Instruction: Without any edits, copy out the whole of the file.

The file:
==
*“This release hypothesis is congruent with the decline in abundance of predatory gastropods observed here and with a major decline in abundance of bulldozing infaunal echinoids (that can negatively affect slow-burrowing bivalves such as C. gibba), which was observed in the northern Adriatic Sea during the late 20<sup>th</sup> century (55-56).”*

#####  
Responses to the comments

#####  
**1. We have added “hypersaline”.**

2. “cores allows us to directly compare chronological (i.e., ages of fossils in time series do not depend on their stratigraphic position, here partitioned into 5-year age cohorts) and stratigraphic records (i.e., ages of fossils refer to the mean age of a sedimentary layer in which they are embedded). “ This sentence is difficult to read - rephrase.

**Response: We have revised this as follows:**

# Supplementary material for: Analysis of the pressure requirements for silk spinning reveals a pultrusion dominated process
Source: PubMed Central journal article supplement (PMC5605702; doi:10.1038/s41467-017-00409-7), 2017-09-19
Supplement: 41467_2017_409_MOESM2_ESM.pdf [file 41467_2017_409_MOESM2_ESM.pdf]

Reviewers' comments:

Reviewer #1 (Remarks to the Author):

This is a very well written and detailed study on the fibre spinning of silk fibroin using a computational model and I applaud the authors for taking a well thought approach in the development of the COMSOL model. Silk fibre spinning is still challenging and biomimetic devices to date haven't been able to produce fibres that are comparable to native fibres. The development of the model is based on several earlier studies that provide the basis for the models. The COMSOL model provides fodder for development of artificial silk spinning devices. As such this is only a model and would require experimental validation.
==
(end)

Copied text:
*“This release hypothesis is congruent with the decline in abundance of predatory gastropods observed here and with a major decline in abundance of bulldozing infaunal echinoids (that can negatively affect slow-burrowing bivalves such as C. gibba), which was observed in the northern Adriatic Sea during the late 20<sup>th</sup> century (55-56).”*

#####  
Responses to the comments

#####  
**1. We have added “hypersaline”.**

2. “cores allows us to directly compare chronological (i.e., ages of fossils in time series do not depend on their stratigraphic position, here partitioned into 5-year age cohorts) and stratigraphic records (i.e., ages of fossils refer to the mean age of a sedimentary layer in which they are embedded). “ This sentence is difficult to read - rephrase.

**Response: We have revised this as follows:**

# Supplementary material for: Analysis of the pressure requirements for silk spinning reveals a pultrusion dominated process
Source: PubMed Central journal article supplement (PMC5605702; doi:10.1038/s41467-017-00409-7), 2017-09-19
Supplement: 41467_2017_409_MOESM2_ESM.pdf [file 41467_2017_409_MOESM2_ESM.pdf]

Reviewers' comments:

Reviewer #1 (Remarks to the Author):

This is a very well written and detailed study on the fibre spinning of silk fibroin using a computational model and I applaud the authors for taking a well thought approach in the development of the COMSOL model. Silk fibre spinning is still challenging and biomimetic devices to date haven't been able to produce fibres that are comparable to native fibres. The development of the model is based on several earlier studies that provide the basis for the models. The COMSOL model provides fodder for development of artificial silk spinning devices. As such this is only a model and would require experimental validation.